Putting Passports Back In Workers’ Hands At Wilmar Oil Palm Estates

Henry Jubair explaining the passport locker system to Bapak Sulistijo Djati Ismojo, Chief of the Indonesian Consul-General’s Office in Tawau .

LAHAD DATU: It used to take up to two days, sometimes longer, plus layers of approval for oil palm plantation worker Kadir Muda to get his Indonesian passport from the safekeeping of his employer before travelling to Lahad Datu town and other places.

Today, Kadir simply gets a leave form signed and heads straight to the Passport Room at Sabahmas Plantations to show it to a staff on duty before retrieving his passport from a metal locker, using a key that is kept by him. Once workers are familiar with the process of retrieving their passports, there will no longer be a staff member on duty in the Passport Room.

Kadir Muda with his passport after retrieving it from a locker.

“We can collect our passports even after office hours and we also can keep other important documents in the locker. Holding the key to my own locker gives me a sense of security,” said Kadir who is the head of a group of workers.

Recognising that passport retention could be an indicator of forced labour by the International Labour Organisation (ILO), Wilmar International Limited (Wilmar) returned passports to all migrant workers in their Malaysian plantations by installing 10,000 easy-to-access lockers. The company is one of the first oil palm plantation companies to complete the process in Malaysia, with a total of 9,466 lockers now in use.

Perpetua George, Wilmar’s Group Sustainability General Manager, explained that passport retention of foreign workers is a common practice across Malaysia, not only in the oil palm sector. When Wilmar committed to the No Deforestation, No Peat, No Exploitation (NDPE) policy in 2013, it decided to return passports to workers despite an initial concern of workers absconding.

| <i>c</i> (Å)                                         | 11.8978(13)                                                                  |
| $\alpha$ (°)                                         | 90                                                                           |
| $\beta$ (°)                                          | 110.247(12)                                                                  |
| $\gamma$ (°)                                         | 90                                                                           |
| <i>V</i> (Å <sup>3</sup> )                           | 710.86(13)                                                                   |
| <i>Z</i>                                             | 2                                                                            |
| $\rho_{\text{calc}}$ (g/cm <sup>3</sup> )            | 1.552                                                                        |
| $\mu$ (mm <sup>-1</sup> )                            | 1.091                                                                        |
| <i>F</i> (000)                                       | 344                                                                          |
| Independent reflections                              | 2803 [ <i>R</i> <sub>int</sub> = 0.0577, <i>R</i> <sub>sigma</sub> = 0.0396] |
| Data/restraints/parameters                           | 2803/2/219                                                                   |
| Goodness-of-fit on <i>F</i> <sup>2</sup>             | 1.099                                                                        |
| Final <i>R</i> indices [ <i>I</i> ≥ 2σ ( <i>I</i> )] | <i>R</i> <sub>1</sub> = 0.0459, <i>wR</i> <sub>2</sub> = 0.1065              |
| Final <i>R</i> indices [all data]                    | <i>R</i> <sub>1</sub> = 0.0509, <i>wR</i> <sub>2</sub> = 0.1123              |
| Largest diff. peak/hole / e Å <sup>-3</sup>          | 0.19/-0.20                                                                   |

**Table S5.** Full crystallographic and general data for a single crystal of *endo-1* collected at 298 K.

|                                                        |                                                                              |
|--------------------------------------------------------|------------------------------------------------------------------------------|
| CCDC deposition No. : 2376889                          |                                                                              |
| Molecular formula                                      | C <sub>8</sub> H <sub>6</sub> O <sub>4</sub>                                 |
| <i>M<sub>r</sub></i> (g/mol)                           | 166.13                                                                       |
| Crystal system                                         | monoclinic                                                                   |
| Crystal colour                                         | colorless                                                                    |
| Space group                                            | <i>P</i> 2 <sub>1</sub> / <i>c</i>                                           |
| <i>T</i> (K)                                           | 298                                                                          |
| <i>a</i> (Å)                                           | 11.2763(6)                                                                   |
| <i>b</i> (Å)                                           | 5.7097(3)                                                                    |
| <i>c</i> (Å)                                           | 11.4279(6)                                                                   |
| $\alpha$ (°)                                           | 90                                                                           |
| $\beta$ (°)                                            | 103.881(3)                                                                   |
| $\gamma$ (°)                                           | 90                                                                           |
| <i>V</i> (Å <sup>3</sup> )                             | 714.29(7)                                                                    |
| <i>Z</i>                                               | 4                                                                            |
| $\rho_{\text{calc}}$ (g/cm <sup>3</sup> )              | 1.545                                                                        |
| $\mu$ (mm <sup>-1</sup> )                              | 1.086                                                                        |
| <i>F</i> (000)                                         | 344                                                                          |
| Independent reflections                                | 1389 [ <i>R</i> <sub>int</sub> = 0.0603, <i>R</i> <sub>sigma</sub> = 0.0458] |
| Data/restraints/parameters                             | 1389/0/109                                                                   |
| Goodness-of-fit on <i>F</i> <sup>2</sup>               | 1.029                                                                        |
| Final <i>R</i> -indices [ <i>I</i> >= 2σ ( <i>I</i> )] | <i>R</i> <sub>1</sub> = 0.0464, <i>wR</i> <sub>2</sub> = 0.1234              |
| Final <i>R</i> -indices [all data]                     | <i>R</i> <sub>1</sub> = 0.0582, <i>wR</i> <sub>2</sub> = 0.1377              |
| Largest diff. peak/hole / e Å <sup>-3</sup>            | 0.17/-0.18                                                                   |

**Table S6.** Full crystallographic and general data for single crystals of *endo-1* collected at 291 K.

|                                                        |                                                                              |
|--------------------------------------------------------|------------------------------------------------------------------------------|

“The welfare of our workers is important to us as they form the backbone of our plantation operations. We see a higher level of trust between the company and workers as a result of this passport return initiative. We also received very good feedback on the locker system as the workers feel more secure with a safe place to keep their important documents.


“We have shown that it is possible to take positive steps towards human rights and labour rights improvements,” said Perpetua at the official handover of locker keys to workers at Sabahmas Plantations, about an hour from here, on March 13, 2018.

She added that the company will continuously make other improvements in best practices such as ensuring comfortable housing and education for children of foreign workers.

Outside of its own operations, Wilmar is also working with its suppliers on respecting the rights of workers and encouraging passport return in line with its NDPE policy. It is supporting this transformation at a few small and medium-sized mills in Peninsular Malaysia, who have agreed to return passports to their foreign workers through a locker system, with one company having rolled out the programme in its Johor operations.

Kiaw Che Weng, Wilmar’s Sabah Operations General Manager, explained that a small pilot project was carried out in Sabah with 10 workers using wooden lockers in 2016. It proved the viability of the system and led to the redesign and production of metal lockers.

“Through Roundtable on Sustainable Palm Oil (RSPO) certification, we have been guided on improvements and this has included better security at our plantations. This is one of the factors that has made it possible to create a locker system.


“We have a high employee retention rate at our plantations as our workers feel secure and their needs such as housing, medical and fair pay are met. Now that there is increased freedom of movement, we have built another layer of trust,” Kiaw said, adding that the cost of the initiative was approximately RM 26 per locker, or RM260,000 in total.

Bapak Sulistijo Djati Ismojo, Chief of the Indonesian Consul-General’s Office in Tawau, who officiated the handover event said he was pleased to note that Wilmar had taken a step to further respect human rights and address the needs of its migrant workers.

“As the pioneer of this effort, there is no issue of forcibly retaining passports of Indonesian workers in Malaysia at Wilmar’s estates. I hope that other companies will emulate the efforts taken by Wilmar as this will also improve the relationship between workers and their employers,” he said.

In addressing some 50 workers who were present, Sulistijo reminded them to be responsible in taking care of the keys allocated to them and their passports, and to abide by regulations that have been set out.

He also said that Indonesian workers must uphold the principles of respect and honour while working in Malaysia, and to bring up to the management should they have any grievances rather than trying to resolve issues on their own.

Wilmar operates nine mills at a range of estates at its Malaysian operations in Sabah and Sarawak.